by Sloan McKinney
When thinking about aggressive dogs, one might first imagine a pit bull, rottweiler or german shepherd. But their bad reputations have come from a great deal of misinformation and hype being fed to the general public over the years.
Many people might be surprised to learn that members of these particular breeds aren’t amongst the most aggressive. Smaller dogs can be just as mean or overbearing as larger ones, it depends on many factors, including training and socialization techniques.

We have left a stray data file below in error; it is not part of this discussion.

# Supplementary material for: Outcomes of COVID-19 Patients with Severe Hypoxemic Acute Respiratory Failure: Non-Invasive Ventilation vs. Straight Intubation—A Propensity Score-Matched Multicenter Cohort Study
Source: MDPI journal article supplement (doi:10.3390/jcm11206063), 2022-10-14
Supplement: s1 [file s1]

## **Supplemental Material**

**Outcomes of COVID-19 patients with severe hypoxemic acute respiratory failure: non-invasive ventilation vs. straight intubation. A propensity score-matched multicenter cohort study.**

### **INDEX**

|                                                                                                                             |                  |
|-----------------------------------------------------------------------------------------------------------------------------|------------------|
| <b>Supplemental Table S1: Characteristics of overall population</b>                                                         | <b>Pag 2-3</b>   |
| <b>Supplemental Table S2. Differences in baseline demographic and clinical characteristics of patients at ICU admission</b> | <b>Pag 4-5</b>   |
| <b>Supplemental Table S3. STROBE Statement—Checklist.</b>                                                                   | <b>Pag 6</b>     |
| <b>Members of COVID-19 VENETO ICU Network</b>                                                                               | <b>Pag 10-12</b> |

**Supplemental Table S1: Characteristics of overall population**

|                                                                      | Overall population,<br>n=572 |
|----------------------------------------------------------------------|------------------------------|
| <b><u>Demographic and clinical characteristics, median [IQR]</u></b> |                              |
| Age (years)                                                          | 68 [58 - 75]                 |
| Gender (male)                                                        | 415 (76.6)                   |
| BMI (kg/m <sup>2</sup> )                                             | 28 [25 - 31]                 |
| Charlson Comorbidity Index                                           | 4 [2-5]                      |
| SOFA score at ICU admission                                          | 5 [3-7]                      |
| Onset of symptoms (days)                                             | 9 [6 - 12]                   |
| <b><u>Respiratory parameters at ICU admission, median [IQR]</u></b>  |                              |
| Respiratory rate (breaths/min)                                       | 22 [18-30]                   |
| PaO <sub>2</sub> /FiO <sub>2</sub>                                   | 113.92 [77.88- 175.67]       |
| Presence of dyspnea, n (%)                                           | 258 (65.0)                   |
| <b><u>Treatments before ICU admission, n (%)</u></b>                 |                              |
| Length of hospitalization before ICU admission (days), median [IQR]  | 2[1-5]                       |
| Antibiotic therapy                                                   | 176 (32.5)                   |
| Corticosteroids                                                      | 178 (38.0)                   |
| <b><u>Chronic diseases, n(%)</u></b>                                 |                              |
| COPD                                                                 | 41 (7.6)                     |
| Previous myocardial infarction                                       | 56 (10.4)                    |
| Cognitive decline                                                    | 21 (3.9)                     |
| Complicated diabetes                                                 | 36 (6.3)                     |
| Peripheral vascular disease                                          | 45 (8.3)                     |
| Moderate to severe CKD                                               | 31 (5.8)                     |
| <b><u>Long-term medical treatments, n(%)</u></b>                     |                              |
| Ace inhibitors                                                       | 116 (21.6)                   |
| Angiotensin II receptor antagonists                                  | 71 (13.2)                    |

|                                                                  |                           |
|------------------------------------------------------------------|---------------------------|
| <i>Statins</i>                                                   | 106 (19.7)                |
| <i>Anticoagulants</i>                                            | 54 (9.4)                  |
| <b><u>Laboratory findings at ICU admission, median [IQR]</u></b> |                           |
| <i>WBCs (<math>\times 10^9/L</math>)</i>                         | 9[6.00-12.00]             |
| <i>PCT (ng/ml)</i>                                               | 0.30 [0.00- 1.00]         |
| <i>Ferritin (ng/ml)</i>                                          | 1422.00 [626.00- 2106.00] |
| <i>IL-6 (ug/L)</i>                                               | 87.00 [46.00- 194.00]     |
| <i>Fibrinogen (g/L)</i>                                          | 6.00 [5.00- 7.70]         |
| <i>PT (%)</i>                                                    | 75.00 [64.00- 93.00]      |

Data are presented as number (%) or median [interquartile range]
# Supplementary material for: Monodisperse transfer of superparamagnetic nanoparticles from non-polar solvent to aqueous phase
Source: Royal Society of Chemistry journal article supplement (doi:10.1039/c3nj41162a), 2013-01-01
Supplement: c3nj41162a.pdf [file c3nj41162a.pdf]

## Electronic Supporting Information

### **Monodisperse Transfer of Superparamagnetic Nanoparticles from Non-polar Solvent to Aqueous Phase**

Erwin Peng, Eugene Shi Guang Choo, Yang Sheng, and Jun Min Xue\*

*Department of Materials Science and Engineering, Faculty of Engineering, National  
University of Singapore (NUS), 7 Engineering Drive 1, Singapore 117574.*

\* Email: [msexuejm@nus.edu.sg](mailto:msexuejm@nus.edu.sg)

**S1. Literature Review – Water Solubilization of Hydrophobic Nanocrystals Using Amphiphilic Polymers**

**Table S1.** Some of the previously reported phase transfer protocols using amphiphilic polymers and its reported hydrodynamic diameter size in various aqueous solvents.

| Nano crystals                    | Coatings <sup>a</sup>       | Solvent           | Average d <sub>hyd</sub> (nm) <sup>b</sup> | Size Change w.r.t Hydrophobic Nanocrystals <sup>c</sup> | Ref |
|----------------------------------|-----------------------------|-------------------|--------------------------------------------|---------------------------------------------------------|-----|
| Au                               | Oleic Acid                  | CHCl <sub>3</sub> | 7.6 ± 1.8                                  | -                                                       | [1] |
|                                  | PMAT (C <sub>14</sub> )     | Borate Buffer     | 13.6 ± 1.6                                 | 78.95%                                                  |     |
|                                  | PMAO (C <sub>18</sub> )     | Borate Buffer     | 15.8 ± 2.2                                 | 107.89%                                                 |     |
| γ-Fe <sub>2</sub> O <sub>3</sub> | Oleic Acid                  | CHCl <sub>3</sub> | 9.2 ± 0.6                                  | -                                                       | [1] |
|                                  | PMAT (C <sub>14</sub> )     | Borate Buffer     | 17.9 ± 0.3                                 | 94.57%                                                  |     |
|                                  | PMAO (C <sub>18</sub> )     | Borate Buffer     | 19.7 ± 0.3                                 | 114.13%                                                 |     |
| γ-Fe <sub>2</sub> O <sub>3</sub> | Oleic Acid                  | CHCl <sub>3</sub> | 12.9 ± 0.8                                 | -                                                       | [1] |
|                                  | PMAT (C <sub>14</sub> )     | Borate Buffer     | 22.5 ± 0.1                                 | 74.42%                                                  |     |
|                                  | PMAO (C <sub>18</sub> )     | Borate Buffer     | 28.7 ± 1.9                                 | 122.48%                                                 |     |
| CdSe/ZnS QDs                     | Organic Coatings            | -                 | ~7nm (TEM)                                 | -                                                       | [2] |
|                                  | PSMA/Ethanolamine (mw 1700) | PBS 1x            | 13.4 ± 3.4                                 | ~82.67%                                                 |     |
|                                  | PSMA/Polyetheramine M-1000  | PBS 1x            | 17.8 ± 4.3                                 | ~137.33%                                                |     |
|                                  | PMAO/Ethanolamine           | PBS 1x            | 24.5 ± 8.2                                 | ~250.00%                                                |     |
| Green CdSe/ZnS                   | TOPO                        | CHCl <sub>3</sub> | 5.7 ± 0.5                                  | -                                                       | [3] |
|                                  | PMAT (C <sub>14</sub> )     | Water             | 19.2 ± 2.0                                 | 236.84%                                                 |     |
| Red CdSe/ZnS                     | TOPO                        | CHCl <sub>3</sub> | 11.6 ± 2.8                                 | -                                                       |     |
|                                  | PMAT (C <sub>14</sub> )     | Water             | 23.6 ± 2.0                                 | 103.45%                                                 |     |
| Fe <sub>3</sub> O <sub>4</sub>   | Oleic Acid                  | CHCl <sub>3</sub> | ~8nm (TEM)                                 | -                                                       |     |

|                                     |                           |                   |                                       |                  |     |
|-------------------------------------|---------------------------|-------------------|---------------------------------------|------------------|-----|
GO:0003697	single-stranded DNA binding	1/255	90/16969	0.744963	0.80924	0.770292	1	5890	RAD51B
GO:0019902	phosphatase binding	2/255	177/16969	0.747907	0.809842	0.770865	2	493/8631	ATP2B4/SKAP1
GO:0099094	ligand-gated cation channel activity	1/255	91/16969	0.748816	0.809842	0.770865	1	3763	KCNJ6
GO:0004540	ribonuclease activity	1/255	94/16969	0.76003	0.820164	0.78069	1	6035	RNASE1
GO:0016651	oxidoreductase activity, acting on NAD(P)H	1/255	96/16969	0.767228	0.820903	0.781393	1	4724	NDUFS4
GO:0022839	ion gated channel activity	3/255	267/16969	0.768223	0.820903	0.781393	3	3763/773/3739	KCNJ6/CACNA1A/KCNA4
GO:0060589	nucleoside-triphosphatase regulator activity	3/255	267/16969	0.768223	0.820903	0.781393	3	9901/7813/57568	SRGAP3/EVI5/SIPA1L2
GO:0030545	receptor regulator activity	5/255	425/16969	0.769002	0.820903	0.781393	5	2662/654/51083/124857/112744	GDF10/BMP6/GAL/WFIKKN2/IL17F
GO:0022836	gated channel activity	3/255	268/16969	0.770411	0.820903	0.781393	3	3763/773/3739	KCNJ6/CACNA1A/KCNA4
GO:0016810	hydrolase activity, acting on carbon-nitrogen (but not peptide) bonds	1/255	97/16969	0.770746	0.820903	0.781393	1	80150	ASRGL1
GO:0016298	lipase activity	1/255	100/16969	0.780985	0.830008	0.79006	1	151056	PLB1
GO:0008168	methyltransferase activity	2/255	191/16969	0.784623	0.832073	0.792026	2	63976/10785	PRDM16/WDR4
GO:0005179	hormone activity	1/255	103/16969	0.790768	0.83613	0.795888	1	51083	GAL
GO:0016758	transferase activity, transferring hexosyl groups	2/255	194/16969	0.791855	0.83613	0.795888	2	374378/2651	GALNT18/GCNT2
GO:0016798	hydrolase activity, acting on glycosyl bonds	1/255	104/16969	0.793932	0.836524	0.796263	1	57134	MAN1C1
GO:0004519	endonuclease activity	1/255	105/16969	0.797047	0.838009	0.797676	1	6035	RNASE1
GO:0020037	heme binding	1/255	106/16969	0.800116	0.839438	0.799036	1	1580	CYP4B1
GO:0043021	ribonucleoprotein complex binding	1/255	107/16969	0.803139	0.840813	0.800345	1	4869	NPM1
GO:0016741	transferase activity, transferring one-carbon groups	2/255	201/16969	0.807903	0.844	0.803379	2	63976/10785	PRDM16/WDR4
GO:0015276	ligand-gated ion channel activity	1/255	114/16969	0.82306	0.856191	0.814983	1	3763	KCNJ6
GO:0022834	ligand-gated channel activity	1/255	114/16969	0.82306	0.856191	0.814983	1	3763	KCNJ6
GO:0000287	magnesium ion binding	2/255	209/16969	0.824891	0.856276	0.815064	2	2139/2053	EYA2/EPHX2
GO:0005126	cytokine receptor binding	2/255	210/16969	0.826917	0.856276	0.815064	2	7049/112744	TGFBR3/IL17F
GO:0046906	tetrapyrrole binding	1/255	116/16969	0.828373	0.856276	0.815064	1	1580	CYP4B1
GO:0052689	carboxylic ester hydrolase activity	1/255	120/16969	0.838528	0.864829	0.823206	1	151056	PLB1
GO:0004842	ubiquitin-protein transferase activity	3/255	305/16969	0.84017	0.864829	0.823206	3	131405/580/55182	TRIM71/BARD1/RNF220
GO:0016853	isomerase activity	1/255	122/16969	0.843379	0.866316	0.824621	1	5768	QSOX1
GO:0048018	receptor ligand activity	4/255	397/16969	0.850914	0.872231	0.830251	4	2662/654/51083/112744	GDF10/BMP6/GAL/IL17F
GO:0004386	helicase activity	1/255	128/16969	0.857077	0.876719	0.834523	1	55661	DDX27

While any dog has the potential to be aggressive, according to their unique breed characteristics many canines can be unfriendly to unfamiliar dogs. This is one of the many reasons why it is so important to socialize your pet, especially when they’re at their youngest.
By freelance contributor Sally Perkins
The number of dog owners in the United States has been steadily increasing over the past few years. According to the American Society for the Prevention of Cruelty To Animals, it’s estimated that 78 million dogs are owned in the country. But apart from ensuring that our four-legged friends get enough exercise and nourishing food each and every day, it’s also imperative to keep them safe from harm.
According to a study, some common items found in our homes and gardens can be toxic for dogs.